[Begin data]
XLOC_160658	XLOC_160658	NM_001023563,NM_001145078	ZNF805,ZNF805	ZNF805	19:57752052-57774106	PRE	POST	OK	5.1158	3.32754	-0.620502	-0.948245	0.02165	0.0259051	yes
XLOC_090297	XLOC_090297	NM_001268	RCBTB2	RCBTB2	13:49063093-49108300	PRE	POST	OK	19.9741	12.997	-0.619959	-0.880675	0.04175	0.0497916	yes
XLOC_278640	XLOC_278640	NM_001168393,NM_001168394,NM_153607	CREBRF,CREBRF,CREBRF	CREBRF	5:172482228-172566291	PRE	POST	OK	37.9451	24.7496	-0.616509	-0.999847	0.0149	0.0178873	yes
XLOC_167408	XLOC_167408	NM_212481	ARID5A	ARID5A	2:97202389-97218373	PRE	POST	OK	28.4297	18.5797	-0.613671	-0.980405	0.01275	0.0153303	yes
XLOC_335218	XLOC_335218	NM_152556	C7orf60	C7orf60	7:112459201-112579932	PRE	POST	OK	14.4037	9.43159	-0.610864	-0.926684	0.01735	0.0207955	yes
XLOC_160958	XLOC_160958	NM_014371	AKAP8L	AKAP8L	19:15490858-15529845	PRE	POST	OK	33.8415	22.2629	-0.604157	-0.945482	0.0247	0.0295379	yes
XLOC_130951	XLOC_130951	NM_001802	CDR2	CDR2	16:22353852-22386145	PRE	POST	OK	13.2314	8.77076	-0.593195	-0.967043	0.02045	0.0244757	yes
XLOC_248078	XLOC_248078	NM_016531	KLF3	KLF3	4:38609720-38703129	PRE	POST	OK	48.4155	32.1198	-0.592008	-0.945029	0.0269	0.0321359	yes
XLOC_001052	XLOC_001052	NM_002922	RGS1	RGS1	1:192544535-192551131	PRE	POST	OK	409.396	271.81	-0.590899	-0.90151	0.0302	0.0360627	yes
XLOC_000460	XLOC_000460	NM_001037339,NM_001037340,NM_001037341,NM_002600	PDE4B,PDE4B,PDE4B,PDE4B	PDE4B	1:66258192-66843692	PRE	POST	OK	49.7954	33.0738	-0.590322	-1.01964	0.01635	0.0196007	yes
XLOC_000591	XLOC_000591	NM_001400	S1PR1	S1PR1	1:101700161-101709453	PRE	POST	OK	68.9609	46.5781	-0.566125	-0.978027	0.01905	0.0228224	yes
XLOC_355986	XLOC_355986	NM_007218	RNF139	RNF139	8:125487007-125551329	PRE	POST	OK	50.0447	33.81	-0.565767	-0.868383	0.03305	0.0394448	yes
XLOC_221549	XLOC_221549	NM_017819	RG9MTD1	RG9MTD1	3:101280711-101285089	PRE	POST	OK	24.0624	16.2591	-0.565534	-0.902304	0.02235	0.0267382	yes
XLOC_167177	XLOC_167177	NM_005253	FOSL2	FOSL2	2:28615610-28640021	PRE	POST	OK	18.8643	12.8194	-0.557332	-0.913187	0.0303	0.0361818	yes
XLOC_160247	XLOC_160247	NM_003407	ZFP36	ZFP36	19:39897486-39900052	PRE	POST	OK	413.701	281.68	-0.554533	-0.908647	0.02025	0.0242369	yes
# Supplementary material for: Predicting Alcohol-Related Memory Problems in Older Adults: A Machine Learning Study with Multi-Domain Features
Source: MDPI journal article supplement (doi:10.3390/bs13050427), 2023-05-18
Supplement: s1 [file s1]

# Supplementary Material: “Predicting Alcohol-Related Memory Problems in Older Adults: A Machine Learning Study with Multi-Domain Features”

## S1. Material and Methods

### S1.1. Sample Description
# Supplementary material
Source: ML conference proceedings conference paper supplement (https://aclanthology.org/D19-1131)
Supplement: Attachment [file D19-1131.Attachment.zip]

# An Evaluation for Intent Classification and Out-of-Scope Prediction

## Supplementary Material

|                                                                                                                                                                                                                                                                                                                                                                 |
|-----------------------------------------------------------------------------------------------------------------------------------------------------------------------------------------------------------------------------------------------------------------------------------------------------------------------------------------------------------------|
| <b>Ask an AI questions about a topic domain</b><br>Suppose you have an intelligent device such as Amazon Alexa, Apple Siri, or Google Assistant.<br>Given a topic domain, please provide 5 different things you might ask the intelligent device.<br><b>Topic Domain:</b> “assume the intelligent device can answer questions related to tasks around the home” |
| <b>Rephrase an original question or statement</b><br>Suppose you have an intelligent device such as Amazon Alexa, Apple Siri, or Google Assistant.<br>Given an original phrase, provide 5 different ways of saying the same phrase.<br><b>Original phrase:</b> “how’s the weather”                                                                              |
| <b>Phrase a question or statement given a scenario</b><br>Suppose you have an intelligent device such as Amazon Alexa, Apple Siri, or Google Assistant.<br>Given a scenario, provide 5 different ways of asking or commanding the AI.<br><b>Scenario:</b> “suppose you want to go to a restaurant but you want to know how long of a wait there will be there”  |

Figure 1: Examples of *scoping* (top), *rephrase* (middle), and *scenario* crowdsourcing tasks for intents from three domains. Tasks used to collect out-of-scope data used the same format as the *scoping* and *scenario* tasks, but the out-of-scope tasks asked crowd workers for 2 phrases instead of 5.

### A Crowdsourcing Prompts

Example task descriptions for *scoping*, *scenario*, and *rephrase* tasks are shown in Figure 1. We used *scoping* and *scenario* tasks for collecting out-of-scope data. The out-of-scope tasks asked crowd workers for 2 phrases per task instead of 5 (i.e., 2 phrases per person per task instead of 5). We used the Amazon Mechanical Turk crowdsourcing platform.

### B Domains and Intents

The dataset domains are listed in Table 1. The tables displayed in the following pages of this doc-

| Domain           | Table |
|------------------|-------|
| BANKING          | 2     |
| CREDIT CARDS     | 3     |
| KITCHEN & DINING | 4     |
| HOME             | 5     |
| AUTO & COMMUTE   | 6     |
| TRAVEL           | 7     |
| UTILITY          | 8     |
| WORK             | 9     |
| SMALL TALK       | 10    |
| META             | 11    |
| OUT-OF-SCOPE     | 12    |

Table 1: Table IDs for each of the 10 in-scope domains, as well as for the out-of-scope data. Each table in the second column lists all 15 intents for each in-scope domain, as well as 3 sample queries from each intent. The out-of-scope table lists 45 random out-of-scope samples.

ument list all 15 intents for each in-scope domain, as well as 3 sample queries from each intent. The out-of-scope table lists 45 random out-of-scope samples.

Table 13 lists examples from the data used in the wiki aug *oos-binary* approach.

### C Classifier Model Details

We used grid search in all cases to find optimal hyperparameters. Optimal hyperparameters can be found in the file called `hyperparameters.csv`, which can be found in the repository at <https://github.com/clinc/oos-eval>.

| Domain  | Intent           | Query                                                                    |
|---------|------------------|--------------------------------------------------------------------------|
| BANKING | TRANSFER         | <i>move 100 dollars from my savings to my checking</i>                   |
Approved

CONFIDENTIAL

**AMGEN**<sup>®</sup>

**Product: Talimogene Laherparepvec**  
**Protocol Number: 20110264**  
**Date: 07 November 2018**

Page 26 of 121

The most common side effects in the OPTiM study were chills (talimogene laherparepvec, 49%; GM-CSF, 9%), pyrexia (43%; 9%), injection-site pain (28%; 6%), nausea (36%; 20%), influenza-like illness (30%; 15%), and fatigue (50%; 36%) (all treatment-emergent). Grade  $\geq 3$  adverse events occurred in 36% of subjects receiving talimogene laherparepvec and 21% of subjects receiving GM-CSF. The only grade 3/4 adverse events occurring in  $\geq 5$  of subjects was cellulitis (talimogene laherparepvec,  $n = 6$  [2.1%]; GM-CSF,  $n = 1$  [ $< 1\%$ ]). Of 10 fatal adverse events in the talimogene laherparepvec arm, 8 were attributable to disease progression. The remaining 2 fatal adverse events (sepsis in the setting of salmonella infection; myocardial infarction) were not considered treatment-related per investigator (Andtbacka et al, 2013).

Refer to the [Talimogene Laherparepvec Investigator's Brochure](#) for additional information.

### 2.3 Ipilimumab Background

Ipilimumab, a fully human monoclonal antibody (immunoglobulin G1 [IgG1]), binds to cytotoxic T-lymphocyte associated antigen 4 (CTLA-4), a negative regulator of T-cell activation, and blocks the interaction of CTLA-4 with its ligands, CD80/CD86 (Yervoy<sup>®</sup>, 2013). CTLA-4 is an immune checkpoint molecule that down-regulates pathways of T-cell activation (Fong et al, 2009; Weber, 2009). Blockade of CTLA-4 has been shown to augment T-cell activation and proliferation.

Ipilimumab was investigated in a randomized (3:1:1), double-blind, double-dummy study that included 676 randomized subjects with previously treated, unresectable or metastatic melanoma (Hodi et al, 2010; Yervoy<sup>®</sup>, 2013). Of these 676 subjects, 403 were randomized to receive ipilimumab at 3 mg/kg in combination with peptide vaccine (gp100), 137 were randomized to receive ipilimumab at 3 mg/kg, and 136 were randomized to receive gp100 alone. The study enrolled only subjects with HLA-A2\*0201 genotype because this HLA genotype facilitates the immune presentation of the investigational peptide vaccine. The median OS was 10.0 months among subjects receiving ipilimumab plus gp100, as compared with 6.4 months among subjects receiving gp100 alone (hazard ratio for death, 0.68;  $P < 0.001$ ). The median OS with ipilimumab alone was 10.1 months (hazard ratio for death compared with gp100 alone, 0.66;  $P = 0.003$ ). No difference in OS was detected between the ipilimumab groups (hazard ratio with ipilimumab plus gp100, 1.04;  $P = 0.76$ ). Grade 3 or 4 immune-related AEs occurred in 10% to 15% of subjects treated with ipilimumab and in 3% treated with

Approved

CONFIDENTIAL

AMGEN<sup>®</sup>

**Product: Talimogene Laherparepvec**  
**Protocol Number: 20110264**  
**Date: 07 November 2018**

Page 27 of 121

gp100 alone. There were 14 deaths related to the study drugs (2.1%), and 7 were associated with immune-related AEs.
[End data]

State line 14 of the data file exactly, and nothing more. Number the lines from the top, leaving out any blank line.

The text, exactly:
XLOC_167177	XLOC_167177	NM_005253	FOSL2	FOSL2	2:28615610-28640021	PRE	POST	OK	18.8643	12.8194	-0.557332	-0.913187	0.0303	0.0361818	yes